UM SRG Tour
History of Slavery UM
Completed in 1859, the observatory is named after prominent University of Mississippi professor and former university president Fredrick A. Barnard, who commissioned the building. Barnard Observatory serves as a testament to the university's original architecture and has been used for various facets throughout its history including serving as a hospital for both Confederate and Union soldiers during the Civil War, a classroom, a sorority house, the physics department, a theatre stage, and presently the Center for the Study of Southern Culture. In 1979, Barnard Observatory was listed on the National Register of Historic Places, and in 1986, it became a Mississippi Landmark. A $3 million renovation began in 1989 and was completed in 1992.
Built in 1889, Ventress Hall is a testament to the University of Mississippi's original Victorian architecture and has served as the home of many departments over the centuries. It was first the university library. It then served as the home of the School of Law from 1911 until 1929, when it was utilized by the State Geological Survey. Starting in 1963, it became the Department of Geology, and in the 1970s, the Department of Art. The College of Liberal Arts has been housed in the historic building since 1998.
During the Civil War, the University of Mississippi closed its doors as many of its students enlisted in the Confederate army, most notably as members of the University Greys and Lamar Rifles companies. In 1906, the United Daughters of the Confederacy dedicated a 29-foot Confederate monument at the entrance to the university. Ostensibly dedicated to local veterans, both the monument itself and the dedication ceremony were imbued with support for the "Lost Cause" interpretation of history which sought to vindicate the antebellum South and the Confederacy. In 1962, white student rioters protesting against racial integration at the university chose to gather around this monument. In recent years, as more students and alumni have learned about the connection between Confederate Monuments and support for the Lost Cause, there have been increasing calls for the monument's reinterpretation and/or relocation. On July 14, 2020, the University of Mississippi relocated the monument to the on-campus Confederate cemetery, which is located off the Coliseum Loop. Debates over the best way to interpret this and other Confederate symbols continue as members of the university community discuss topics such as the history of the University during the Civil Rights Movement and the connection between the University and slavery.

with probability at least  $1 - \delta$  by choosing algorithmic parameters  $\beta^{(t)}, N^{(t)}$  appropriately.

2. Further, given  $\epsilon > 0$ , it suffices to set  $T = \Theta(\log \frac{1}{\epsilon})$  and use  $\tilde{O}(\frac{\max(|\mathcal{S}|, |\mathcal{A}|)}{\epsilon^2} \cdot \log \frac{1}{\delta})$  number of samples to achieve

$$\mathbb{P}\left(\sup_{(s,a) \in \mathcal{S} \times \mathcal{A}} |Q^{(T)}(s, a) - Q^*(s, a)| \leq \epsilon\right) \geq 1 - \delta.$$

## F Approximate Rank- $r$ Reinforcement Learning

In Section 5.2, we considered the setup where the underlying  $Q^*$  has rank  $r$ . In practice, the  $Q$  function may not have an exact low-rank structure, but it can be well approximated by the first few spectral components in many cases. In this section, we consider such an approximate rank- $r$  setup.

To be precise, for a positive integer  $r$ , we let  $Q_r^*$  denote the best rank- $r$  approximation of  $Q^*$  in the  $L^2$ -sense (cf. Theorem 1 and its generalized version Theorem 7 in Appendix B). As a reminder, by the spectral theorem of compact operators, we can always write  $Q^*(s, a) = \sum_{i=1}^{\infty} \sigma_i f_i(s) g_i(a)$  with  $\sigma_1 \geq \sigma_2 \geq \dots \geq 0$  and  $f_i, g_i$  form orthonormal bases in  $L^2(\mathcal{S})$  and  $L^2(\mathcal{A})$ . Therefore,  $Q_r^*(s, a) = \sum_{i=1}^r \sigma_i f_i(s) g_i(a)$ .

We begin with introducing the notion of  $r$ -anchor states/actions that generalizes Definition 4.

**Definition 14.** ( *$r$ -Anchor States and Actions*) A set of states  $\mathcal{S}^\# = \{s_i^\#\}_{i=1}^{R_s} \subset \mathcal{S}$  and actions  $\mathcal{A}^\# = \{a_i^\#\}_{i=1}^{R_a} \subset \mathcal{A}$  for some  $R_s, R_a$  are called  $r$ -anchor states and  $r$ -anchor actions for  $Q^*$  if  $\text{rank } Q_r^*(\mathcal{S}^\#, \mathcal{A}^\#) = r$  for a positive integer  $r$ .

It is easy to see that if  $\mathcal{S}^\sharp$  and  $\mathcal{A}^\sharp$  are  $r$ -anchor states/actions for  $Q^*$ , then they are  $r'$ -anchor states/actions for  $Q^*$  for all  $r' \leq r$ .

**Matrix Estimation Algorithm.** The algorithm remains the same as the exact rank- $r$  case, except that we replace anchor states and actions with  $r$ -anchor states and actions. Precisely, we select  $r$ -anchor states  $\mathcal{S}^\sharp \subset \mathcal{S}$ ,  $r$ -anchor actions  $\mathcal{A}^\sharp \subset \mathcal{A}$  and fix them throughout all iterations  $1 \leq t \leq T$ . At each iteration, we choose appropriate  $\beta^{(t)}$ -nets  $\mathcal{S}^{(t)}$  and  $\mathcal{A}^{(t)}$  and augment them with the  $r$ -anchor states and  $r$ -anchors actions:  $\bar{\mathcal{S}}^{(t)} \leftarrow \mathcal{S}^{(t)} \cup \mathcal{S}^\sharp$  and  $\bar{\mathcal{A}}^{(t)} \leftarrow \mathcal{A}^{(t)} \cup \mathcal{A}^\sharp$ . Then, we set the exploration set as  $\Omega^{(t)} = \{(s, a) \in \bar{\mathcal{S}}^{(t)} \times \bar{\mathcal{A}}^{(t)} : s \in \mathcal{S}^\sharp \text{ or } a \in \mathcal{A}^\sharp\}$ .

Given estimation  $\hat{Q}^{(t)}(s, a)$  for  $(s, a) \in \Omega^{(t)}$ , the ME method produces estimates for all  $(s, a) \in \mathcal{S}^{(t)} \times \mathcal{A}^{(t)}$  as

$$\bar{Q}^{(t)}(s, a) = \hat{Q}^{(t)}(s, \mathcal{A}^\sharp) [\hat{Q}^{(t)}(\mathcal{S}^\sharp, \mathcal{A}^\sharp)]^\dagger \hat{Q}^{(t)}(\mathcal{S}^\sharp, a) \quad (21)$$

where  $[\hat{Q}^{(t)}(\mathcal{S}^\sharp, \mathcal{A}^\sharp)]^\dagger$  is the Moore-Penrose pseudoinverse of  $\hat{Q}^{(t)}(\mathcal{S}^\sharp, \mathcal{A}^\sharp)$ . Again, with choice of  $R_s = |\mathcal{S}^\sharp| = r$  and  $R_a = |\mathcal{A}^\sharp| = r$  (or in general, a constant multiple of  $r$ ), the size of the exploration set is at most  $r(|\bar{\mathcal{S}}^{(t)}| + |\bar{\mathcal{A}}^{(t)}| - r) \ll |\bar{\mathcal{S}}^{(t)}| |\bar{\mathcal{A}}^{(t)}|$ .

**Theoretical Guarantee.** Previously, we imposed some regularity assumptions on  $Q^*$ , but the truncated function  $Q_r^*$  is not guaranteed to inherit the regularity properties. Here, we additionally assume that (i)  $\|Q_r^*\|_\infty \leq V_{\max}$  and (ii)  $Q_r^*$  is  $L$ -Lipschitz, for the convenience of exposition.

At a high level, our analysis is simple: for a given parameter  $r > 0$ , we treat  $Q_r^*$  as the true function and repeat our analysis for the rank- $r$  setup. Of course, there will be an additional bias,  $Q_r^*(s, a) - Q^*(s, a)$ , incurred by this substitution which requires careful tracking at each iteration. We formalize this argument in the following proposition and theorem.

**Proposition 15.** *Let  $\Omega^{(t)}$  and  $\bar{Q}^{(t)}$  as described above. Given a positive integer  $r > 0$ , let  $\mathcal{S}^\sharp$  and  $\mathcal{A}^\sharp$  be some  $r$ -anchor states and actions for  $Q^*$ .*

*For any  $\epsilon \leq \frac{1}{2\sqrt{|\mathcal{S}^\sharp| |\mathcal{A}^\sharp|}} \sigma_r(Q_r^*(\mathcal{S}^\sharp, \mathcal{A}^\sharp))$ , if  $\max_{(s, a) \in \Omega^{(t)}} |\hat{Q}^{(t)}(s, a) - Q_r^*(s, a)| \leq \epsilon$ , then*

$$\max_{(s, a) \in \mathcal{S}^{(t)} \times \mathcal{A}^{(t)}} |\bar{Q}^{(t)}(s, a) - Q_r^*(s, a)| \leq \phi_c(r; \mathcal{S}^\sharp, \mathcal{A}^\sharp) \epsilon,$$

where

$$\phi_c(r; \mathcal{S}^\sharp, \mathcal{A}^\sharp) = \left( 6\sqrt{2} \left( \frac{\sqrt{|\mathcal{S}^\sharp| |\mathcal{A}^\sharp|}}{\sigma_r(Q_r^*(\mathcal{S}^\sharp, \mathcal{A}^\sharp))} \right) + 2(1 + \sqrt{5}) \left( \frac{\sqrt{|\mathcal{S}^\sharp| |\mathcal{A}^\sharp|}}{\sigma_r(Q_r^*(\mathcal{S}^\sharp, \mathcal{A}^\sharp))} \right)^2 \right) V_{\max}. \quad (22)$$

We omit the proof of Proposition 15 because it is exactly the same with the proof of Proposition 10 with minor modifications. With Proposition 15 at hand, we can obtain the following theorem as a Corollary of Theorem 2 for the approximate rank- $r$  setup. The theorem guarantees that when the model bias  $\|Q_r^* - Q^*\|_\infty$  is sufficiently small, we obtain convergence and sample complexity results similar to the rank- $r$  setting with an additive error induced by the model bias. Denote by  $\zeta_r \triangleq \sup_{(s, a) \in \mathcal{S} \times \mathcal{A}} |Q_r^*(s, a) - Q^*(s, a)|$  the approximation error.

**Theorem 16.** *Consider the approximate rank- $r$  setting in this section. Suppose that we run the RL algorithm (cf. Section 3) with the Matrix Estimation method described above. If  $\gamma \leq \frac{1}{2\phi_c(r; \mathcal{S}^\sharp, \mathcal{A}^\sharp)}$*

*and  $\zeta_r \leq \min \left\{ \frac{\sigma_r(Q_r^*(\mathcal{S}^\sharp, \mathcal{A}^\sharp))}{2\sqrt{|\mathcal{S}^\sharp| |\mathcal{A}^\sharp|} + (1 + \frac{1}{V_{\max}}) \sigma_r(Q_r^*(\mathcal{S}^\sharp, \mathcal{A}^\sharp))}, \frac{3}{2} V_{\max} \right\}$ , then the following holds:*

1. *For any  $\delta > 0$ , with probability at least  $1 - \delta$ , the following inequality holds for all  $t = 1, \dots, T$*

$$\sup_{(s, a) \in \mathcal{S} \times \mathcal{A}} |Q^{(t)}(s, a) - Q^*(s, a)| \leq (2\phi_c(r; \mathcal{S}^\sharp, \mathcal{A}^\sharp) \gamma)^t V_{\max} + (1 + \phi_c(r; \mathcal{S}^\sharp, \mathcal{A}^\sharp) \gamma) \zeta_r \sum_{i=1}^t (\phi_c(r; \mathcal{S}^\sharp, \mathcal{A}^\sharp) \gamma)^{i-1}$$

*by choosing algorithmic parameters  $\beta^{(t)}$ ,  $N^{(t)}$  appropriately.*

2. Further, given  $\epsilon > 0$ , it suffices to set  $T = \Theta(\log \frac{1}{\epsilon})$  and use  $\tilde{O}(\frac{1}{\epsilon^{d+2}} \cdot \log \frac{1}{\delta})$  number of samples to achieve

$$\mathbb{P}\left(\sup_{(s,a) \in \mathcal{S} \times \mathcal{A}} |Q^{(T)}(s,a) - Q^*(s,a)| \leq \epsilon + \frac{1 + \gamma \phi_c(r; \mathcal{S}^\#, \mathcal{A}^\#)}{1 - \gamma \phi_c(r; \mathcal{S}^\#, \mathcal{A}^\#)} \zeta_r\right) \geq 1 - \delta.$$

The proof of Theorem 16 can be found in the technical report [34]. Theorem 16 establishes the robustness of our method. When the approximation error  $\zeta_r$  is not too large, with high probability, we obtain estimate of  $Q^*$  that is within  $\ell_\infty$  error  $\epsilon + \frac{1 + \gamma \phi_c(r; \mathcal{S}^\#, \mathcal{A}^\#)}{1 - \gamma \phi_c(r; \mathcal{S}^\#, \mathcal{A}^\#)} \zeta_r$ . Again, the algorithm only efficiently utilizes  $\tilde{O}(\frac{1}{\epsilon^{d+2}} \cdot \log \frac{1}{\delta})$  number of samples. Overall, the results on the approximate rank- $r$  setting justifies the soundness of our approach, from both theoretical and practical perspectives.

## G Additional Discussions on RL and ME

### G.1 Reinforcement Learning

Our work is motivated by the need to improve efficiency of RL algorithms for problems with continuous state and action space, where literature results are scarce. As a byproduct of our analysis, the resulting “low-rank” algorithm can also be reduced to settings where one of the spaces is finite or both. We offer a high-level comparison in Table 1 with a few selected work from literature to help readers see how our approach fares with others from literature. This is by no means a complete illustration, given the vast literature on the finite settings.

Located in a historic church, the Burns-Belfry Museum and Multicultural Center aims to preserve the cultural history of Oxford, particularly the town's African American history. It serves as a museum and meeting place for non-profit organizations. The Center is operated by the Oxford-Lafayette County Heritage Foundation, which was established in 1996. The church building itself was constructed in 1910 by an African American Episcopal congregation, replacing an earlier wooden structure that had become too small. The museum currently features an exhibit about the area's African American history, but plans are in place to create other exhibits that explore other cultures such as the Chicksaw Indians and settlers.
Constructed in 1844, Rowan Oak was the home of William Faulkner from 1930-1962. Faulkner was one of the 20th century's greatest writers, best known for his novels As I Lay Dying and The Sound and the Fury. He earned the Nobel Prize in literature in 1950 and the Pullitzer Prize in 1955 and 1963 (posthumously). The estate became a National Historic Landmark in 1968. The University of Mississippi acquired the property in 1972 and operates the home as a museum dedicated to preserving and interpreting the life of one of America's most-influential novelists.